First: some slides were originally developed with dates and numbers, some with just dates or numbers, some with no dates or numbers. Second: Dad kept over 800 mixed slides in carousels, rather than dark plastic containers, and in these less than ideal conditions, some slides have faded or developed mildew damage. Third: at some point, my stepmom Summer labeled a bunch of plastic slide containers, which may save my sanity; unfortunately, about a decade’s worth of slides were stored together, which may send me round the twist. Fourth: a few years ago, the digitizing company I paid to scan slides essentially poured separate groups of slides into a machine and I have yet to undertake separating them because I panic every time I think about it.

Despite all this, I’ve made progress. I’ve started to recognize pictures that must have been taken at the same time, significant places and faces I haven’t seen since childhood. My father was 21 and my mother 22 when I was born, and these images start before I was a year old. It is strange now to see my parents as young twenty-somethings, to witness my father’s learning to see the world and his life through the camera’s lens. In these pictures, I see that we, his children, were photographed constantly and were completely accustomed to it. I don’t remember being photographed constantly, so in some ways, it’s like looking at someone else’s life with my face.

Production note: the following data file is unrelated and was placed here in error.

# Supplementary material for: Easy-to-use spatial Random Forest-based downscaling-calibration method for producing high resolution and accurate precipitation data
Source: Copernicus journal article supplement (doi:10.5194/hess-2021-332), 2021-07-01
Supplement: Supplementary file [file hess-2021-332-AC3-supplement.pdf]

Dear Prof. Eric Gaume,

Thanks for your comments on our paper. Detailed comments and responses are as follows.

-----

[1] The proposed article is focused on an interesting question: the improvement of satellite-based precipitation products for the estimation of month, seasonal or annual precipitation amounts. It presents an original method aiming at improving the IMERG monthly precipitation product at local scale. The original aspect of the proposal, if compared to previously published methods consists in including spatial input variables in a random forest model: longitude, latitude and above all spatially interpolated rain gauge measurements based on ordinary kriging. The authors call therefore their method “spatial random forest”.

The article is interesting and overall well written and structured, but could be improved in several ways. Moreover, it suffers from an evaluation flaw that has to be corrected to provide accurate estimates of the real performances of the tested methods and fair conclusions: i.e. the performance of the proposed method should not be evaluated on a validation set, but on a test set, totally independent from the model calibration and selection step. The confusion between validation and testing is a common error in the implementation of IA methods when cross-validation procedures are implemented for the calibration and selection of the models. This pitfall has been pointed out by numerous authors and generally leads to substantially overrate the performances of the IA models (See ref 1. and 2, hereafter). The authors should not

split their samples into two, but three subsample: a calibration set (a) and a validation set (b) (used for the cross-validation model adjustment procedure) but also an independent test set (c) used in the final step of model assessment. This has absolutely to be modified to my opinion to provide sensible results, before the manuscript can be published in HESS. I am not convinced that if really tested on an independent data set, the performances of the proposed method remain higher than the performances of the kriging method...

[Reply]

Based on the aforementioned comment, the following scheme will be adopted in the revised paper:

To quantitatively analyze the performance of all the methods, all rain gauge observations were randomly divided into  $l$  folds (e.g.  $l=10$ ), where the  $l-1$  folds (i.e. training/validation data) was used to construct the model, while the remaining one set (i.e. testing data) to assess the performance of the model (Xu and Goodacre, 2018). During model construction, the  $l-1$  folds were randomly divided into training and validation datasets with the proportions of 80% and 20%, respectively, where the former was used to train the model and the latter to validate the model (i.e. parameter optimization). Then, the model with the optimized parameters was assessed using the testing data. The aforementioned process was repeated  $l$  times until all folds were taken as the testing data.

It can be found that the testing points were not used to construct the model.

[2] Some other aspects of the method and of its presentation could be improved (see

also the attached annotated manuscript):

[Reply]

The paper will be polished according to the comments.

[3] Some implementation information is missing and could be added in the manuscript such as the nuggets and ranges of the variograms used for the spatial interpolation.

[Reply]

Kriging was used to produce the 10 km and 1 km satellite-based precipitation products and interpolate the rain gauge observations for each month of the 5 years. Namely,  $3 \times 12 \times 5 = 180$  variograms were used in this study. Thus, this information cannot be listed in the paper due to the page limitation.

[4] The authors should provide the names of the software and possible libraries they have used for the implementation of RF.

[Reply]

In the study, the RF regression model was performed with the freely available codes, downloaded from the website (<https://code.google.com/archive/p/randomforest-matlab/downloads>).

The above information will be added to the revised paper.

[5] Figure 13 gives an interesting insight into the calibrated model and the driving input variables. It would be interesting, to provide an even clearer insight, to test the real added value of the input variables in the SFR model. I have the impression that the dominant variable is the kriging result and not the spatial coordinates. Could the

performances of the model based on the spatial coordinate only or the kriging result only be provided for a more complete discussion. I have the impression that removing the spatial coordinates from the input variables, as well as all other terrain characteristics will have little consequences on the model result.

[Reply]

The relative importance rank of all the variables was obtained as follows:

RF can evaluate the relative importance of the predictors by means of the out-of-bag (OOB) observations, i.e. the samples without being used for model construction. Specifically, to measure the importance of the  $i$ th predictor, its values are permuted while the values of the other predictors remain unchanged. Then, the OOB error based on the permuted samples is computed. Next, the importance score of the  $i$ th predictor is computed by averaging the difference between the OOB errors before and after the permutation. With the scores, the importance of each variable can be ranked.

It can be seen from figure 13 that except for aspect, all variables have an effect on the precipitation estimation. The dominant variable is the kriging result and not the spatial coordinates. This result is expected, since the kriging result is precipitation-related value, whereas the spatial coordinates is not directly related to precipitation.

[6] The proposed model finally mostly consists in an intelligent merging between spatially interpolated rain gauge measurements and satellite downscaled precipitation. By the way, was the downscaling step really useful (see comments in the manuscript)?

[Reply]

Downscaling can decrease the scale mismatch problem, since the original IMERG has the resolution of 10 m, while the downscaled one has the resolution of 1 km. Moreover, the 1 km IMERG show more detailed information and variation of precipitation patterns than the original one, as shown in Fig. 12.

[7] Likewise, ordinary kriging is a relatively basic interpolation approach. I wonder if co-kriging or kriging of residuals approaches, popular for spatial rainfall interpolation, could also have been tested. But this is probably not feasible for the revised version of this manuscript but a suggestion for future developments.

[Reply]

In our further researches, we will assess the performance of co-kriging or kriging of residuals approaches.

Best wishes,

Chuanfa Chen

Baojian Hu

There’s another obstacle: not all of the slides are here. Enough dated and numbered slides are present to render obvious the gaps. Where are these missing slides? I don’t know. Summer doesn’t remember Dad mentioning them. I don’t know what that means, or what it would ultimately mean if thousands of images were just missing.

At this stage in a blog post, I usually make a joke about how some ginormous thing in my life is totally small, except in this case, that’s too literal. This ginormous thing in my life is meaningless to all but a handful of people on the planet, and even they don’t really seem to care much. So I am doing this because I can and I should, to the best of my ability. When I’m done, I’ll store the slides as permanently as I can, but I doubt anyone will ever look at them again. Dad would have been as surprised as anyone else that there could be a private museum of his photographs, and for that reason alone, I will keep building it.